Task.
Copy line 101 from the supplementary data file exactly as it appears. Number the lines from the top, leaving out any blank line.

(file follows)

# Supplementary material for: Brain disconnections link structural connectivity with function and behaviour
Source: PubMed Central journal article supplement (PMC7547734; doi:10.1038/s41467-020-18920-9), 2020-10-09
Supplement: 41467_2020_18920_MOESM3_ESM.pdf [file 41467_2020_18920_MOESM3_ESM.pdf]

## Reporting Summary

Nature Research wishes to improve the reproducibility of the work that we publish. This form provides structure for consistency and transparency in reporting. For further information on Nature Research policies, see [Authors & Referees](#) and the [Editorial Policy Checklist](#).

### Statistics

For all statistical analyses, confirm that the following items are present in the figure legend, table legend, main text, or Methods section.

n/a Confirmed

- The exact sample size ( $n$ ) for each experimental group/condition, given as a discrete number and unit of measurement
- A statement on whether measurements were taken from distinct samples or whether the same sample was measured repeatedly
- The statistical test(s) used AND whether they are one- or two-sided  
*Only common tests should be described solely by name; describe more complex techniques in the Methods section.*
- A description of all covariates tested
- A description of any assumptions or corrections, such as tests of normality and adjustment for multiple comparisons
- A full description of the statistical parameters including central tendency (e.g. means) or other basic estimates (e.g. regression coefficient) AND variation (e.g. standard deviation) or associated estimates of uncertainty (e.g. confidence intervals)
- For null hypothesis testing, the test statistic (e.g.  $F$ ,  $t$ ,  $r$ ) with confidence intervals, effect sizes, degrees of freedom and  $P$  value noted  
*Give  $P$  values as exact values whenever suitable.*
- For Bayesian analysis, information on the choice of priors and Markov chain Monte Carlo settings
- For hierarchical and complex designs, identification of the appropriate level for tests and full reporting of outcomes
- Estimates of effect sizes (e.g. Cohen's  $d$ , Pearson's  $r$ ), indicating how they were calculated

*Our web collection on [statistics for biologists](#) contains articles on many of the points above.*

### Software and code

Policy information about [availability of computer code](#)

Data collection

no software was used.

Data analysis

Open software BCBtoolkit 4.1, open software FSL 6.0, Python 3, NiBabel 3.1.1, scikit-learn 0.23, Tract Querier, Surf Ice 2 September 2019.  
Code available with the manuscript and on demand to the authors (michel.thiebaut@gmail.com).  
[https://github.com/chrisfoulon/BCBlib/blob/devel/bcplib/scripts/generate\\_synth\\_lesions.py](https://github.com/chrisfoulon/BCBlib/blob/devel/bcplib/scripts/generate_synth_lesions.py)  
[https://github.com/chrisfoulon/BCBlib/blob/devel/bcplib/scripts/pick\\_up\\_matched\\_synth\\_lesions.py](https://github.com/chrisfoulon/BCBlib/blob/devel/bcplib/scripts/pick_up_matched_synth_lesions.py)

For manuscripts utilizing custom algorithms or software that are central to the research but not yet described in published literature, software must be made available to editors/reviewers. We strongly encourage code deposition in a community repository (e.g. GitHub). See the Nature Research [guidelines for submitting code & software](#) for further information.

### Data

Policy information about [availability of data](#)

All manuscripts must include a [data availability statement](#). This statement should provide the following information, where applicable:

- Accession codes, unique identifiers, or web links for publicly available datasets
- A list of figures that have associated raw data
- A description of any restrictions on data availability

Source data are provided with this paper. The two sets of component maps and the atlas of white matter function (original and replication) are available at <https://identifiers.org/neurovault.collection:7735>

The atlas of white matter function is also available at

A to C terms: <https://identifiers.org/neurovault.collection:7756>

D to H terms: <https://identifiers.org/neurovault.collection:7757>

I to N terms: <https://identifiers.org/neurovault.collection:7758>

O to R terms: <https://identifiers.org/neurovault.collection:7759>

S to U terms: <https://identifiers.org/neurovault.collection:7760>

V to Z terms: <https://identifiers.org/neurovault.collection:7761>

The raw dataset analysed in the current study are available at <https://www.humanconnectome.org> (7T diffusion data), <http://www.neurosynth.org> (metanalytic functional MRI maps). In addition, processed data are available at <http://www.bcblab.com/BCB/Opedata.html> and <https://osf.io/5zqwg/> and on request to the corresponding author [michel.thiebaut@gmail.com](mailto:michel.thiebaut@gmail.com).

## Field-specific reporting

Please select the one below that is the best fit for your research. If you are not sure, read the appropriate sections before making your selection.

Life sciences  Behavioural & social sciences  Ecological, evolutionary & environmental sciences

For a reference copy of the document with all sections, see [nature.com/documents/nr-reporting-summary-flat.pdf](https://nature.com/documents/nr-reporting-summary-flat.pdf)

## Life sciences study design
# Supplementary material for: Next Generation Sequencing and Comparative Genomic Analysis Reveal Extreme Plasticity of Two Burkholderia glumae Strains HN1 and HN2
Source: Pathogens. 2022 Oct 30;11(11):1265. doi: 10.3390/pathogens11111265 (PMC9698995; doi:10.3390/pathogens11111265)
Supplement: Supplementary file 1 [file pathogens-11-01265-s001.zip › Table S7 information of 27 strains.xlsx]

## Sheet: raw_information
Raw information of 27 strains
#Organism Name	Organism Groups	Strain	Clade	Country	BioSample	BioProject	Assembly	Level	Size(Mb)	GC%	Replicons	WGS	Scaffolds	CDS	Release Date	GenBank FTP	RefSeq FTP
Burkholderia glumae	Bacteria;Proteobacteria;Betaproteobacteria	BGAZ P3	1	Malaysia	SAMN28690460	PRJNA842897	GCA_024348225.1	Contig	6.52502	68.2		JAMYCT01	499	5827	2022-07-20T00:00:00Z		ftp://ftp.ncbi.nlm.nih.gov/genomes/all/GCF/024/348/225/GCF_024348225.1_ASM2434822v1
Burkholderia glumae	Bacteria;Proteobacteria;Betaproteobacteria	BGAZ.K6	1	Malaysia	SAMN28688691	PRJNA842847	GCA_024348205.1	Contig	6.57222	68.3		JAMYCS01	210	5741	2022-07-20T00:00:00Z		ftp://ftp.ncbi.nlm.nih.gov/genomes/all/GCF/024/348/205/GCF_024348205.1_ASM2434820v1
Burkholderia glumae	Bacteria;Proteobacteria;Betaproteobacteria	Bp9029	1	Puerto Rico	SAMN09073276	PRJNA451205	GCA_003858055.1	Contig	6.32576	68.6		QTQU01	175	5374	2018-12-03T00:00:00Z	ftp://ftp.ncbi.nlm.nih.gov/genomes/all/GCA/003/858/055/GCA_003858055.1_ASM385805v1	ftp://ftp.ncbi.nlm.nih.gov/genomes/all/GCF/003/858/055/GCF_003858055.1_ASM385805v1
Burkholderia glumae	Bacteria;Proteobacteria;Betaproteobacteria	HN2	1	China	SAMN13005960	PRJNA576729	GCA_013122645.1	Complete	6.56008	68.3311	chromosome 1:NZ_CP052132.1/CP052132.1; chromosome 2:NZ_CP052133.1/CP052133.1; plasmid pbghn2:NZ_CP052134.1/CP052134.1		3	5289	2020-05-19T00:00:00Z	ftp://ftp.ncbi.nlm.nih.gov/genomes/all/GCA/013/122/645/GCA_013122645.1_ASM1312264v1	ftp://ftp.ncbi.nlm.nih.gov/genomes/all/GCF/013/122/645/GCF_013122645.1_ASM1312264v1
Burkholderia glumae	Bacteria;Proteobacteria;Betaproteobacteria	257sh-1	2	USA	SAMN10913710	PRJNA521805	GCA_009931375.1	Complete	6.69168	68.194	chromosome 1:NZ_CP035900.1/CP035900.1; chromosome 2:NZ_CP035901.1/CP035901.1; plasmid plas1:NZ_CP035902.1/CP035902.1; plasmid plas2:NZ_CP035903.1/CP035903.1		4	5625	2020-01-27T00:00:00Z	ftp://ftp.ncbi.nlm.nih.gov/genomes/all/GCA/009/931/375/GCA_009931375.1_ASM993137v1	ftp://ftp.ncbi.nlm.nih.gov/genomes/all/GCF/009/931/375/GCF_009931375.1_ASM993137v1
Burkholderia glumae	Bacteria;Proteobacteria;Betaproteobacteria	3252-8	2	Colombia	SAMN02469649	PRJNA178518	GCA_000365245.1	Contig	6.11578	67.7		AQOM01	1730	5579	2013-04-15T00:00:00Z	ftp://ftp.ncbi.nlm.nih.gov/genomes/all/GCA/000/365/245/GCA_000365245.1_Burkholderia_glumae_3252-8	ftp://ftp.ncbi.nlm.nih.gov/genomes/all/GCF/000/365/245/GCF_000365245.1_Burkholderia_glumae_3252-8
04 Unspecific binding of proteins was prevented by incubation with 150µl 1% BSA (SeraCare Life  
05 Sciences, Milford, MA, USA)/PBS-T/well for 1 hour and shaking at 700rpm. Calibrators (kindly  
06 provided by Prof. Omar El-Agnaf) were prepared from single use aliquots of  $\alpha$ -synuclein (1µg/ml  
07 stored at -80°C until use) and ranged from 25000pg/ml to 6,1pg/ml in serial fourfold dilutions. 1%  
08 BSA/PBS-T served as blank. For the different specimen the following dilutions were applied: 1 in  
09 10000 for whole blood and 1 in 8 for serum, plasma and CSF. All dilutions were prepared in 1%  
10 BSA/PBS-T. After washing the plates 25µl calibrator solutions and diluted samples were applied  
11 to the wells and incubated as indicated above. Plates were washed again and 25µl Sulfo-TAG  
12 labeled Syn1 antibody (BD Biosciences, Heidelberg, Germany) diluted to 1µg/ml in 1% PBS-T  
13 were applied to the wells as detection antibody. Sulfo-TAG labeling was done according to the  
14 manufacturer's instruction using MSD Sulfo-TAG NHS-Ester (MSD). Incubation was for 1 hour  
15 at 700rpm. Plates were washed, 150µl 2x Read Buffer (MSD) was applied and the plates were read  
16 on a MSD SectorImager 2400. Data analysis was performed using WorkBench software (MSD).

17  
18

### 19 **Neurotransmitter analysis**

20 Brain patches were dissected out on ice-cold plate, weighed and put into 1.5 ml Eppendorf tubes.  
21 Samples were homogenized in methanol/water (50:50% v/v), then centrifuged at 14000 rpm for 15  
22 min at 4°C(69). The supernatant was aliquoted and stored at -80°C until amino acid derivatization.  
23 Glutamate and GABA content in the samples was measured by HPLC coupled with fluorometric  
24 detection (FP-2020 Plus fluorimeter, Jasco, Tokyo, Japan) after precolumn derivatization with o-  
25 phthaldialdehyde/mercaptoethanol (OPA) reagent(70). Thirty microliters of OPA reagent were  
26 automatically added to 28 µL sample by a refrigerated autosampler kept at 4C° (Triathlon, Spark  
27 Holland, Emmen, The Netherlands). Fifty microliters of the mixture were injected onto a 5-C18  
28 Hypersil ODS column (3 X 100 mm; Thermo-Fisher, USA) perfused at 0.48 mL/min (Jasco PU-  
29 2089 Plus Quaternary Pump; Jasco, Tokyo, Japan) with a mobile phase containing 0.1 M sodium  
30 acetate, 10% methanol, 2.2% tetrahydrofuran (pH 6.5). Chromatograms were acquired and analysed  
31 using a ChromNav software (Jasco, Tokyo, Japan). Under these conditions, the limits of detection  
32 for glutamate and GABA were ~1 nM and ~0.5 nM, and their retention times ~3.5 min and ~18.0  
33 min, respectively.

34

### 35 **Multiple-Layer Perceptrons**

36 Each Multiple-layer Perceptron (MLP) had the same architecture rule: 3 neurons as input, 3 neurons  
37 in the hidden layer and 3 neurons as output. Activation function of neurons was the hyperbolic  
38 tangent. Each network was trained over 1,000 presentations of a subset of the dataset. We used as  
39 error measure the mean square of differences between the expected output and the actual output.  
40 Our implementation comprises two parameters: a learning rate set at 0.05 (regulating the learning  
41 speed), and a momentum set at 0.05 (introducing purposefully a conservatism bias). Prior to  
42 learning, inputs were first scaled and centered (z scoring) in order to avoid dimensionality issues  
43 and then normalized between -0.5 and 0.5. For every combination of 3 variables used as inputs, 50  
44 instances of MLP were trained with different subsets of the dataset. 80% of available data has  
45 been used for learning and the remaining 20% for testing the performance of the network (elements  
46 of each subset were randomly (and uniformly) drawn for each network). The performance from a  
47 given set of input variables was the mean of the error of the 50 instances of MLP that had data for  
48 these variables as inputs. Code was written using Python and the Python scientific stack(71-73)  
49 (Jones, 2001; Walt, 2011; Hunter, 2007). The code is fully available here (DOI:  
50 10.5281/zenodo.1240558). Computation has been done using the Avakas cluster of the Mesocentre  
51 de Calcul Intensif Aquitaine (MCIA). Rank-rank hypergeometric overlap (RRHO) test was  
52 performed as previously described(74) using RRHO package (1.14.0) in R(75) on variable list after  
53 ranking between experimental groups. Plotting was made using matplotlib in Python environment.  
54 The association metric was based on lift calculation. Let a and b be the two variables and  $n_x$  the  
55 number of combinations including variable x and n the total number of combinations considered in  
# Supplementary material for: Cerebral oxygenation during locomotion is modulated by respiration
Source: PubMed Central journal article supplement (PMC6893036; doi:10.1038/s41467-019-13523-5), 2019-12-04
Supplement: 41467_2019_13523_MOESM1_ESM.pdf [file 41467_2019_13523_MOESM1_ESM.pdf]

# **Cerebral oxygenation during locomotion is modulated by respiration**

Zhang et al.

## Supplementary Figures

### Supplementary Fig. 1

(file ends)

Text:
41 speed), and a momentum set at 0.05 (introducing purposefully a conservatism bias). Prior to  